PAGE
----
Paul Evans: The pain management programme you said it’s a 12 week programme. What happens when that 12 weeks is over? When you’re on your own?
Shona Brown: That’s something we talk about as part of the group, and we start to prepare people to think about what are the next steps, because I’m well aware that doing a short term group it’s not that at the end of that group everything is exactly how the person would like it to be. It’s introducing them to some coping strategies and the start of a process. So then thinking about what the next steps are, and what there is, perhaps third sector organisations that might support that. I always mention Pain Concern and Airing Pain to give people some of the things that are out there that they might want to link in with. Things like vulval pain we’ll mention the Vulval Pain Society website, get people thinking about what other sources of support there are.
And yeah and acknowledging that it can be a bit of a scary time. I think if people have made progress they sort of attribute that to coming along to the group, and I often think about it quite differently. I think actually it’s what the people who are coming along are doing, it’s them who are making these changes – we’re just giving them some ideas. So discussing some of that I think can be helpful too.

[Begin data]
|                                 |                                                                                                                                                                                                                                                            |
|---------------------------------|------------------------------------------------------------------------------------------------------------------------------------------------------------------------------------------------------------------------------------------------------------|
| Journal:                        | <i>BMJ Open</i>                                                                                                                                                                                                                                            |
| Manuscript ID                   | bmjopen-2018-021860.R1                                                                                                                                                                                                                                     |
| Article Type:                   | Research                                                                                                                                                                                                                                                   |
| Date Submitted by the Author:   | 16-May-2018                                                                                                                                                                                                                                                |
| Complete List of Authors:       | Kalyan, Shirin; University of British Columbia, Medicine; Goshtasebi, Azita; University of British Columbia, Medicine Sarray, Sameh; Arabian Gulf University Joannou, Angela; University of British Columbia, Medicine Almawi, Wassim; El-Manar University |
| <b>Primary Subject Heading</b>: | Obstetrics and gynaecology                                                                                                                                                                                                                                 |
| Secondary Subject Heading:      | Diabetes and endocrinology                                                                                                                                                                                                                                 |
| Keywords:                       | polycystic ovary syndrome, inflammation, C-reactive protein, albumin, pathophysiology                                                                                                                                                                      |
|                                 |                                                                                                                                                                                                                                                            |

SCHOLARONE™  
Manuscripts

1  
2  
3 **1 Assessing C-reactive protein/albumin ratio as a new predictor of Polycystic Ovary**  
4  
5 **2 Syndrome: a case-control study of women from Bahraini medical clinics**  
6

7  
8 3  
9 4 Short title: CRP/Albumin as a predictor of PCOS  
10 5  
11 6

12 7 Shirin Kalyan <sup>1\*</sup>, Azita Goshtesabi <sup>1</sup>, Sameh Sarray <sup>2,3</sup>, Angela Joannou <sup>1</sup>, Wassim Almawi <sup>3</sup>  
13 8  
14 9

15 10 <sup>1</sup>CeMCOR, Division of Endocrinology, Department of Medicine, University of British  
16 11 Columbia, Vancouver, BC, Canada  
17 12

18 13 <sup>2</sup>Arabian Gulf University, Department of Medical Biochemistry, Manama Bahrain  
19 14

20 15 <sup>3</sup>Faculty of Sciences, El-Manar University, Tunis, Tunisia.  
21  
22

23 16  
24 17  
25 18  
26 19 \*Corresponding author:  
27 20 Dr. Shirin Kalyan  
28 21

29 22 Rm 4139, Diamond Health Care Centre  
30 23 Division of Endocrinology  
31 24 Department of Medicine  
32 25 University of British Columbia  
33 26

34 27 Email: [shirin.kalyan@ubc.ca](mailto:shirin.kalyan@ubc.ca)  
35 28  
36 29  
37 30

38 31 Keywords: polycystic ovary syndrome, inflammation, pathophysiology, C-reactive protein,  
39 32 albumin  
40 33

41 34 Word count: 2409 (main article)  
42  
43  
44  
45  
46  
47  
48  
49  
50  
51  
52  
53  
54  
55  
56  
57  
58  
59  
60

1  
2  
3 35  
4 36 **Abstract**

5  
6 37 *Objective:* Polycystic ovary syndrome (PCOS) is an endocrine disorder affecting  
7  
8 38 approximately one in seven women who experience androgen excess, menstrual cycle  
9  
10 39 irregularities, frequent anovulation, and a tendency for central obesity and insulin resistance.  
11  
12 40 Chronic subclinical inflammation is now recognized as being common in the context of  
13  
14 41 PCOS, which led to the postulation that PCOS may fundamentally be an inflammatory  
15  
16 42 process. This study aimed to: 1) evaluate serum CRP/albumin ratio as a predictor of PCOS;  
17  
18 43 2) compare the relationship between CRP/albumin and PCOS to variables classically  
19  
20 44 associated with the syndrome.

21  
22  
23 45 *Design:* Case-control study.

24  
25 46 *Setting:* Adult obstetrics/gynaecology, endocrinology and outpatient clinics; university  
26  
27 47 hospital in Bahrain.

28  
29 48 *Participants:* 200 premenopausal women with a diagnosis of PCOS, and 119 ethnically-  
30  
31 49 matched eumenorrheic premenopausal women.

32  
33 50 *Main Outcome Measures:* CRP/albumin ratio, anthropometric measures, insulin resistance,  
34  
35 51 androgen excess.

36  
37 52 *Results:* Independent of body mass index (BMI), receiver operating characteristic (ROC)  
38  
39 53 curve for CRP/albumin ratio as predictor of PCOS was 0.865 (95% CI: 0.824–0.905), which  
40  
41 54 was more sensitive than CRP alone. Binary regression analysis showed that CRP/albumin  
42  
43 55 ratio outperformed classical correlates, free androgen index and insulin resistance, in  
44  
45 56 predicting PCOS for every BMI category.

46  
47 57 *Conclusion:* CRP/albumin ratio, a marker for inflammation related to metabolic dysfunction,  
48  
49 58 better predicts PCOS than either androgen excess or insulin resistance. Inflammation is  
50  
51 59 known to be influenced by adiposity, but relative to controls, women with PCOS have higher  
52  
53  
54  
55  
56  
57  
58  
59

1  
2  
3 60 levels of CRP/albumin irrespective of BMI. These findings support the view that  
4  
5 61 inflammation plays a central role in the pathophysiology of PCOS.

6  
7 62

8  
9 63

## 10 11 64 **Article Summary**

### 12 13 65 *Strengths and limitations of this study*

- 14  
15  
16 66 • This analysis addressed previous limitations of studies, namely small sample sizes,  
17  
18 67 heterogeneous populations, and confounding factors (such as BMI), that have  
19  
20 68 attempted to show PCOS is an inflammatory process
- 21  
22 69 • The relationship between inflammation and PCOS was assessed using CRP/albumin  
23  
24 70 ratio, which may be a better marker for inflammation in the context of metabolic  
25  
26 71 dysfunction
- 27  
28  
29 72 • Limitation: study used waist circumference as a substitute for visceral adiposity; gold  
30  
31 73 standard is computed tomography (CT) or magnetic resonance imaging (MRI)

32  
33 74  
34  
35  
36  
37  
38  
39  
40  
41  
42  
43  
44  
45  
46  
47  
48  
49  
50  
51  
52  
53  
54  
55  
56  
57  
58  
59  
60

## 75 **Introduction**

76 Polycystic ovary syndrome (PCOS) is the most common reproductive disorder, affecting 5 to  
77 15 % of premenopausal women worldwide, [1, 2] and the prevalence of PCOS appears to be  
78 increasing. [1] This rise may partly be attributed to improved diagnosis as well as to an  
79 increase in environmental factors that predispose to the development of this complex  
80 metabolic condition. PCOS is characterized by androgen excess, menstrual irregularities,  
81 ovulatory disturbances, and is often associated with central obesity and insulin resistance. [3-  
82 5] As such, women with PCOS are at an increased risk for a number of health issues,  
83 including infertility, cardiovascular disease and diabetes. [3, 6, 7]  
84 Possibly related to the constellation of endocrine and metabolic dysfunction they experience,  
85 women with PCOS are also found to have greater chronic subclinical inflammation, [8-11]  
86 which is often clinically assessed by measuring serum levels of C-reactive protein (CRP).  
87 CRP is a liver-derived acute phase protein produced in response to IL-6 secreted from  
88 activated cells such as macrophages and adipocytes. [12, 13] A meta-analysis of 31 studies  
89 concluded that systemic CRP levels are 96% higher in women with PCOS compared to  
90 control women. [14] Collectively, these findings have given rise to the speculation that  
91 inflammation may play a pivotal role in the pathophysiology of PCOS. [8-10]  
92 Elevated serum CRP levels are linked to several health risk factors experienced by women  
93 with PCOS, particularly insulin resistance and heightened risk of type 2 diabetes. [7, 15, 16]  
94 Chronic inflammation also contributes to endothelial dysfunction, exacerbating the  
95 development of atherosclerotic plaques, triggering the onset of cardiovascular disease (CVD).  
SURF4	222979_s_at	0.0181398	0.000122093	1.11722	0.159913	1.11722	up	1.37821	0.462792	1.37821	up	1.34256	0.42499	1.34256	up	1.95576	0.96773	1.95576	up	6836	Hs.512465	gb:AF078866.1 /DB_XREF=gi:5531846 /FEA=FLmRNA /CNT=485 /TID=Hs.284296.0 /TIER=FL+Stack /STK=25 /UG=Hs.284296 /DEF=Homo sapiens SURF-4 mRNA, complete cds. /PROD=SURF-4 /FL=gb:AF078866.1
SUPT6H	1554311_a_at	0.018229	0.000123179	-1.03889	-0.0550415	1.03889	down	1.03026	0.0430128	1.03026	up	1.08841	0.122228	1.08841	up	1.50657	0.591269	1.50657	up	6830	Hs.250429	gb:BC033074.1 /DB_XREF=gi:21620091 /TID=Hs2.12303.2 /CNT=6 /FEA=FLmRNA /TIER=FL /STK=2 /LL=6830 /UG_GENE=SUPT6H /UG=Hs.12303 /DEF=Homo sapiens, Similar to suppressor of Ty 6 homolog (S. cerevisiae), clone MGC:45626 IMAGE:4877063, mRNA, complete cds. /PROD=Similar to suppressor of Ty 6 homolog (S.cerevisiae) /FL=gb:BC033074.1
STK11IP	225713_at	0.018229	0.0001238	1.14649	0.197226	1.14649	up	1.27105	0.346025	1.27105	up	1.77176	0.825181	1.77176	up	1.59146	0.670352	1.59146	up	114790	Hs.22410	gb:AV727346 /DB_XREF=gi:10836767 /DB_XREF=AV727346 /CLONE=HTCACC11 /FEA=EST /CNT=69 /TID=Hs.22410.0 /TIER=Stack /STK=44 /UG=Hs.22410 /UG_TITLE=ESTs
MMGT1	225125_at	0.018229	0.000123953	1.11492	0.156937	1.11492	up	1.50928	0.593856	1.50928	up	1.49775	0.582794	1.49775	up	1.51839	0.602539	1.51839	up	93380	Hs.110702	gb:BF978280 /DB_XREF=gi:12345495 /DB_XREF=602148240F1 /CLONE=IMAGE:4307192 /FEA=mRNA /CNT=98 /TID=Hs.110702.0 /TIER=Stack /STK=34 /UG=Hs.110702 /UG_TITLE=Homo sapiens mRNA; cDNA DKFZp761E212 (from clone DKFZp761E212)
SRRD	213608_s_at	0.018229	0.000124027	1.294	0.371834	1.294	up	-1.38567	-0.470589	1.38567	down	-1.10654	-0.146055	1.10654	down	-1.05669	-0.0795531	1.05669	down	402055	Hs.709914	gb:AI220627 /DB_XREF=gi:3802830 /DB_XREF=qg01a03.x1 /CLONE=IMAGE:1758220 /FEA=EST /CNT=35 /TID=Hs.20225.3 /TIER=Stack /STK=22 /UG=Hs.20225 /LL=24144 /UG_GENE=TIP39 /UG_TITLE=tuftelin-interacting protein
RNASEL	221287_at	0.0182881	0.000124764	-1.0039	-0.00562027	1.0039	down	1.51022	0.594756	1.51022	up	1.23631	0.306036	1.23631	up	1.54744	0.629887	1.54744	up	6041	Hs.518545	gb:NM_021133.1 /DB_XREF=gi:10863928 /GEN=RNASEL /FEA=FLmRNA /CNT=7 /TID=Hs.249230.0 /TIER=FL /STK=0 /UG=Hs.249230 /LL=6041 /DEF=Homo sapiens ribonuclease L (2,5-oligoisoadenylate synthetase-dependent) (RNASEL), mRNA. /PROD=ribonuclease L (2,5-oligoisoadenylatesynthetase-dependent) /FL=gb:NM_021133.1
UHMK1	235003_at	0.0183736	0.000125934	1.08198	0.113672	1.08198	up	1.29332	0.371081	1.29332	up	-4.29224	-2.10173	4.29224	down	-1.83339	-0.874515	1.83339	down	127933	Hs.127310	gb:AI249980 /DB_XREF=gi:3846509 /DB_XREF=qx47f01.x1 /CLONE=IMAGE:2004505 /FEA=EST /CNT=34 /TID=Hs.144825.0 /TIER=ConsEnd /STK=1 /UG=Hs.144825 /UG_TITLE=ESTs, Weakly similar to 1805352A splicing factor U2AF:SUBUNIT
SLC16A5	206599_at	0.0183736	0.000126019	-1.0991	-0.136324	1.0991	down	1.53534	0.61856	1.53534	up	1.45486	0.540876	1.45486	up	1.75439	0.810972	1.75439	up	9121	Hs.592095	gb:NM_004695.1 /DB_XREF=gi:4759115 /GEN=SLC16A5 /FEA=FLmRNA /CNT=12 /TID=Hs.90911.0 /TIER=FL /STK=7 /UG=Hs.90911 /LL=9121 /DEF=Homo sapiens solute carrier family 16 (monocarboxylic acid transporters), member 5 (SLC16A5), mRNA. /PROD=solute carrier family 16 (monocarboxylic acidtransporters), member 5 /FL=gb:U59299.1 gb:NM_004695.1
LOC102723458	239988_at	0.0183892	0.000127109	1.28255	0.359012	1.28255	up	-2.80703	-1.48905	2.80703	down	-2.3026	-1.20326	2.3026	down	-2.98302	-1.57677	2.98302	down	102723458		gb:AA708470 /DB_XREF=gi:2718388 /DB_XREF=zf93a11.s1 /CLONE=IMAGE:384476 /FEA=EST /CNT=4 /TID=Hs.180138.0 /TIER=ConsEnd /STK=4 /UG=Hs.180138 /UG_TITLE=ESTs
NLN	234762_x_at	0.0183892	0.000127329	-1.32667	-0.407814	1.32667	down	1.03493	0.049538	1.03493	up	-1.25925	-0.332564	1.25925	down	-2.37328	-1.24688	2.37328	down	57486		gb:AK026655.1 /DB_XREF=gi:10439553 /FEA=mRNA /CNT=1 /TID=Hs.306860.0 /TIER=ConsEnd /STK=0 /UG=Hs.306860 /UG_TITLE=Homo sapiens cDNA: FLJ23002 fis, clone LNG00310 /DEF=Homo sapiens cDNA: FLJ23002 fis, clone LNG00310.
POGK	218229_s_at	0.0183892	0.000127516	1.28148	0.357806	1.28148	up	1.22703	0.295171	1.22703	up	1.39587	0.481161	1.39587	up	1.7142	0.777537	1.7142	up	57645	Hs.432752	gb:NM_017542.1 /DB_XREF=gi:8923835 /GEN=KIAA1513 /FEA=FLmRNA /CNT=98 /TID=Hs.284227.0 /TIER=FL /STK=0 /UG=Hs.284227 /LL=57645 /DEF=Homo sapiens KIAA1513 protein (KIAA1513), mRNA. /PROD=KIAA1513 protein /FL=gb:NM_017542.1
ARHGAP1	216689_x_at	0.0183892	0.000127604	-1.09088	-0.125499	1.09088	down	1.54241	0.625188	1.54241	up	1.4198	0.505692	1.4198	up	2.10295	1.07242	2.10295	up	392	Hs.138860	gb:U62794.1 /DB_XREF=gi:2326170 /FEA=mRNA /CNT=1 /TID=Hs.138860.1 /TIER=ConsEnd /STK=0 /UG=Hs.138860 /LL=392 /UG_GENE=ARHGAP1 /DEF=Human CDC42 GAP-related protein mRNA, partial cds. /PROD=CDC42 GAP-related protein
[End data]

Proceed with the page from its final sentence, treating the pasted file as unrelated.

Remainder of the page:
Paul Evans: That was psychologist Dr. Shona Brown of the Pelvic Pain Service in Edinburgh. And some of those third sector organisations: of course we at Pain Concern can be found at www.painconcern.org.uk she also mentioned the Vulval Pain Society and its web address is http://www.vulvalpainsociety.org and the patient support charity, Bladder Health UK http://bladderhealthuk.org/
Here’s their coordinator in Scotland, Anne Cameron’s advice for those who think they may have interstitial cystitis, but aren’t sure. What’s the first step?
Anne Cameron: I think I would look at their symptoms, advise them to think how long this has been going on for, the problems that they’re actually having. Obviously going to their GP. If they’re looking online, obviously look to sites like Bladder Health UK. Be careful at times looking online because it’s like everything else you can get a lot of bad advice, and sometimes it’s very easy to read things and think ‘Oh I might try that or I might do this’: everyone’s entitled to different views but look for information via a reputable source.